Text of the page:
Web development projects can be complex. They focus on many things –  content management systems (CMS) platforms branding, content, responsive design, and the way the page appears to visitors or visual web design. One feature that is often overlooked is accessibility, perhaps due to the misconception that websites designed for accessibility may not look aesthetically pleasing or may even seem disordered. Good website design, however takes into account visual as well as accessibility concerns.  It is extremely important that access to information can be available to everyone, regardless the individual abilities.

Websites that adhere to accessibility guidelines can improve website traffic, earn more revenue and add a layer of responsiveness and inclusiveness that appeals to all users. While final U.S. web accessibility regulations are slated to be implemented in 2018, International guidelines are already in place. The UN Convention on the Rights of Persons with Disabilities recognizes that website access is a basic human right and suggests website conformance to Web Content Accessibility Guidelines (WCAG).

When designing a new web development project or updating an existing design, we recommend that you keep accessibility in mind from the very beginning of the project. It should be part of the very fabric of the design to ensure any visitor, regardless of ability, is able to access, enjoy, and engage with your site.

Tip #1 – Mind the colors

Make sure you always create contrast between the content and its background. It is worth considering that there are millions of users in the world who are not able to distinguish between colors and their various shades. Sharp color contrast assists those with color deficiencies.  

Besides strengthening the brand recognition, colors can also be used to orientate, indicate or even direct the user through the website. If the website has been well designed, in general it may not cause any major problems to the users who can’t distinguish colors. However, in interactive elements or action calls this may become a problem. For example: a simple text link with only one highlighted color may end up being difficult to recognize as a link if it has not been underlined or if it has a highlighted darker background color. In order to better understand how many of your users may see your website, insert your URL in an online Colorblind Web Page Filter tool to check the different kinds of filters that simulate visual disabilities.

Tip #2 - Contextual Links, a Better Description

Users who use screen readers to navigate have the option to skip from link to link until they can find the content they are looking for. When a link is selected it is literally read by the browser of the screen reader. If the link only contains something like ‘click here’, the user won’t be able to learn what the url function is since there is no contextual information around it.

In order to provide better information and orientate the user, it’s important you have relevant link descriptions. For example: Instead of “Click here” use “Contact us here”. Instead of “See more” use “Browse more related topics here”.  The upside of using more relevant contextual links is that in addition to helping users, search engine optimization also gets a boost.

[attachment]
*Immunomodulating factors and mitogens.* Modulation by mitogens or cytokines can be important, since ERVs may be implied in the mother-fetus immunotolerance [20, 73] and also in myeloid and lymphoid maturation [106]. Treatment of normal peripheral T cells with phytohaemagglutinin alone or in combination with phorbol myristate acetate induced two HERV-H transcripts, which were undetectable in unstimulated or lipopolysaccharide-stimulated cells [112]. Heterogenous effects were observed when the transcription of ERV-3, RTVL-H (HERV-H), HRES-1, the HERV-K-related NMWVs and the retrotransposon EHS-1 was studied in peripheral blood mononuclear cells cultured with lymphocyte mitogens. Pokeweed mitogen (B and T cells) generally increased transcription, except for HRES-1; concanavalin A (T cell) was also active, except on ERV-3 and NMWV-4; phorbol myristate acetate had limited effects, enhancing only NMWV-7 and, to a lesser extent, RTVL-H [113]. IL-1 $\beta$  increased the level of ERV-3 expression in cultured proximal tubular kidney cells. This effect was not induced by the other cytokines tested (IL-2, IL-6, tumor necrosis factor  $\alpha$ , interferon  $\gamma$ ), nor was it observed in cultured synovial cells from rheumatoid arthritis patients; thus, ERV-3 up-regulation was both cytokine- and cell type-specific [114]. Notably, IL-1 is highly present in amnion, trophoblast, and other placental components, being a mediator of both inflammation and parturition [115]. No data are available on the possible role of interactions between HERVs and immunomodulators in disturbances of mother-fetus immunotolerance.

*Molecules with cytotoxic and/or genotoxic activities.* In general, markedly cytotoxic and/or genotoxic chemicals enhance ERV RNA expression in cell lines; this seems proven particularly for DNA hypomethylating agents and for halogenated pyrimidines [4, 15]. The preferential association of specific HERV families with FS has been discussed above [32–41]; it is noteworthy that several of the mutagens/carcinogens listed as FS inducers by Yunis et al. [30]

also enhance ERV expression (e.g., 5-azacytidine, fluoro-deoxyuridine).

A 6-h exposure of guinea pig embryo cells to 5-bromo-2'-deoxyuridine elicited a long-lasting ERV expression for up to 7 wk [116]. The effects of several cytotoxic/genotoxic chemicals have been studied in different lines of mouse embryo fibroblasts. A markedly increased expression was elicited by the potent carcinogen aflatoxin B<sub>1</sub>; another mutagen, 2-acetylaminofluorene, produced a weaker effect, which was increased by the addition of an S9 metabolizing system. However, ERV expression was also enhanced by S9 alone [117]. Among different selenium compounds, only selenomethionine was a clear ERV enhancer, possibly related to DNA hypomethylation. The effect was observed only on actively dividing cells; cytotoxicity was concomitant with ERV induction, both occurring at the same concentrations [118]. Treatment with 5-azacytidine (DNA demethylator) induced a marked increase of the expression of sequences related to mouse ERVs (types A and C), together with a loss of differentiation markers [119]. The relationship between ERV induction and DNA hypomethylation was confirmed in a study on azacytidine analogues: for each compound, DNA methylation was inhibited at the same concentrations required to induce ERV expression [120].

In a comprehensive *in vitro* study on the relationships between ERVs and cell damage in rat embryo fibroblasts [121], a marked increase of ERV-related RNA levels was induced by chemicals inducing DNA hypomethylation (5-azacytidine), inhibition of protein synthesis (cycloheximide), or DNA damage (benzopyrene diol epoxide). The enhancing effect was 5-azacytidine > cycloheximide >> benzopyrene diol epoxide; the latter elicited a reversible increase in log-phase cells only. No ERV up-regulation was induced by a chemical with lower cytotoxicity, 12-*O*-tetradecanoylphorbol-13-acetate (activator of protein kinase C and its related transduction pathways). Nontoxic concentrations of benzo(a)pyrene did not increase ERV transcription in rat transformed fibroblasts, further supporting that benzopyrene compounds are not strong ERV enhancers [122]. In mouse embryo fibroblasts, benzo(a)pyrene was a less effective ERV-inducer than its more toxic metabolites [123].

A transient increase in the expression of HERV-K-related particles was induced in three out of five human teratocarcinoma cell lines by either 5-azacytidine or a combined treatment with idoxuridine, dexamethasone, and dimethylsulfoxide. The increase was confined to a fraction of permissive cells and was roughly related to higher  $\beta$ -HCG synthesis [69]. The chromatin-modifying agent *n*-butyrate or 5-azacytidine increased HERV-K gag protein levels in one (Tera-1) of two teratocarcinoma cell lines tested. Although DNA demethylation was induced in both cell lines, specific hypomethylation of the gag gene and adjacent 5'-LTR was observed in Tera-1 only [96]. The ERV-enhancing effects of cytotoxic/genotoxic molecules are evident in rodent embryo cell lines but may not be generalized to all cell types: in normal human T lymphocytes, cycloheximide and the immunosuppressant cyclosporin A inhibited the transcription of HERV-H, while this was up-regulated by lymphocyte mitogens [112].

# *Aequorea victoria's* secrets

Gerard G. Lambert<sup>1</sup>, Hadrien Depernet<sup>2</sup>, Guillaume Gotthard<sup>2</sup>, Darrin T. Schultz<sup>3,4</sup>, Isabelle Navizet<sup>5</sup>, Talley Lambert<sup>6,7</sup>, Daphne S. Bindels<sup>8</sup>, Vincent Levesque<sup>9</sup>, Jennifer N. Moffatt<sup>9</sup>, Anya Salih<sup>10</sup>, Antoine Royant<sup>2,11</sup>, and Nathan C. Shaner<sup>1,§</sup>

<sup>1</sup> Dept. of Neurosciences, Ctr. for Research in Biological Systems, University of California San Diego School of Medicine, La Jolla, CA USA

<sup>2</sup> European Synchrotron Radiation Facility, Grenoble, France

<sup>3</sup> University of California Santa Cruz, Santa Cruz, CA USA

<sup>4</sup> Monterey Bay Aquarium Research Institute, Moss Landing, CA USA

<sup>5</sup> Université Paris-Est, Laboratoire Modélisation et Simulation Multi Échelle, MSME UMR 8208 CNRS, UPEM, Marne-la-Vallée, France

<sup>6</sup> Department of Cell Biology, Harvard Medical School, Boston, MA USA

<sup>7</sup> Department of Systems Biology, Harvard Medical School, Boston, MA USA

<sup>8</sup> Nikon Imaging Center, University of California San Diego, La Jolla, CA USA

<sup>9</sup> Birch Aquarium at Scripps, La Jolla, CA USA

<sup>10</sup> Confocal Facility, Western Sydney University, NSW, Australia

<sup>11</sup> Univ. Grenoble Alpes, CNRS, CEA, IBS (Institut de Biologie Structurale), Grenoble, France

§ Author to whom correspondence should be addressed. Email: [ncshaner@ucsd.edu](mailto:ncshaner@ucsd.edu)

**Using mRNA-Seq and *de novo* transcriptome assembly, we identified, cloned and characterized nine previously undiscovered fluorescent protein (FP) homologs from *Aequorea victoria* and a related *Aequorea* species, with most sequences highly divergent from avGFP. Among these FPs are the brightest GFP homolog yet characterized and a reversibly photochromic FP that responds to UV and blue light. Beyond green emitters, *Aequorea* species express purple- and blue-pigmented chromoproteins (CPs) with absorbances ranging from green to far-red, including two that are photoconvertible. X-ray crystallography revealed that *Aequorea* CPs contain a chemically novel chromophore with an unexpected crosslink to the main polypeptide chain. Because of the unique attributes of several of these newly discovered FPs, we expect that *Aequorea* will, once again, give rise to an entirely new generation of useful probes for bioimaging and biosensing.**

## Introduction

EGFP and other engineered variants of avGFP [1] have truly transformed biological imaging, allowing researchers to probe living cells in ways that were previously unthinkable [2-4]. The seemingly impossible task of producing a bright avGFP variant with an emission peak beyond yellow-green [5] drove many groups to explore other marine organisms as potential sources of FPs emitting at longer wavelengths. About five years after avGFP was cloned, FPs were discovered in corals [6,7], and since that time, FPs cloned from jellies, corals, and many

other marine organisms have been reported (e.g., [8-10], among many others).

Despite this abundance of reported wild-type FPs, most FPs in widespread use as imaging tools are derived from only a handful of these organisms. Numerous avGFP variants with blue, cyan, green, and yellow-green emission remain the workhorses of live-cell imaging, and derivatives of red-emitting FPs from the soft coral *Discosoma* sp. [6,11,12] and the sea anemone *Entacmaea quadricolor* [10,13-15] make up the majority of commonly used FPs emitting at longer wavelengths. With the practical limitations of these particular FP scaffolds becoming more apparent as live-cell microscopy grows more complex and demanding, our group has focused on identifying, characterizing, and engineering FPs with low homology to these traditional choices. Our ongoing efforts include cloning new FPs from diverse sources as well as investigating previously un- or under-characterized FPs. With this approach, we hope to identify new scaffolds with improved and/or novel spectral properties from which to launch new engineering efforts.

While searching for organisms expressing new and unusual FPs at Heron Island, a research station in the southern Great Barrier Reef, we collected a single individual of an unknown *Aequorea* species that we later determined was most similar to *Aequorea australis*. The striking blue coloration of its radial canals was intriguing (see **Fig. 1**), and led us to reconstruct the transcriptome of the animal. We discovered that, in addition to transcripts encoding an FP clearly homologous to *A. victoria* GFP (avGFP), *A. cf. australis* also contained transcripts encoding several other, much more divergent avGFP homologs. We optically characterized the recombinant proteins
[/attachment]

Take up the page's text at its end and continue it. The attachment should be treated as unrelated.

Tip #3 - Make More Alternative Content Available

There are some kinds of content that will never be accessible to certain types of users, such as audio contents by hearing-impaired individuals for example. Nevertheless it is possible in some cases to provide alternative content for these types of users to consume. For instance, if your website shares content in video format, you can also publish the written transcription of the video so that any user can read it their screen reader.

Tip #4 - Guide The User Through the Tabindex

People who use a keyboard are familiar with the Tab key, that when pressed, moves them sequentially through a page to the next ‘field’. On a website, the Tabindex determines the order of the tab movement. Tab movement can be very important for visually impaired users who are moving through navigational menus or forms. Forms especially, can be a challenge. Sometimes they may contain small elements such as checkboxes or buttons which can be really hard to click on with a mouse. A well-defined tabindex can make navigation much simpler and provide a better user experience.

Tip #5 - Alt Text

Alt text, an abbreviation for alternative text, is a word or phrase that describes an image, video, graphic or any kind of media that typically would not have words associated with it. The alt text is inserted as an attribute to the HTML of a website page. Users can see it by hovering over the image, screen readers can ‘read’ it out loud to tell the user what is in the image/graphic location, and it describes or replaces the media if that media is not loading for any reason.

In search engine optimization (SEO), alt text provides information about a page for the search engines, because it does not have the ability to read the image contents. Descriptive and relevant alt text on a website improves accessibility, SEO and user experience.  

All of these methods are simple to apply and make you website more accessible, and ensure any visitor, regardless of ability, is able to access, enjoy, and engage with your site. Good luck!

Giovani Freitas
By Giovani Freitas

Web Developer at CommonPlaces.

Leave Your Comment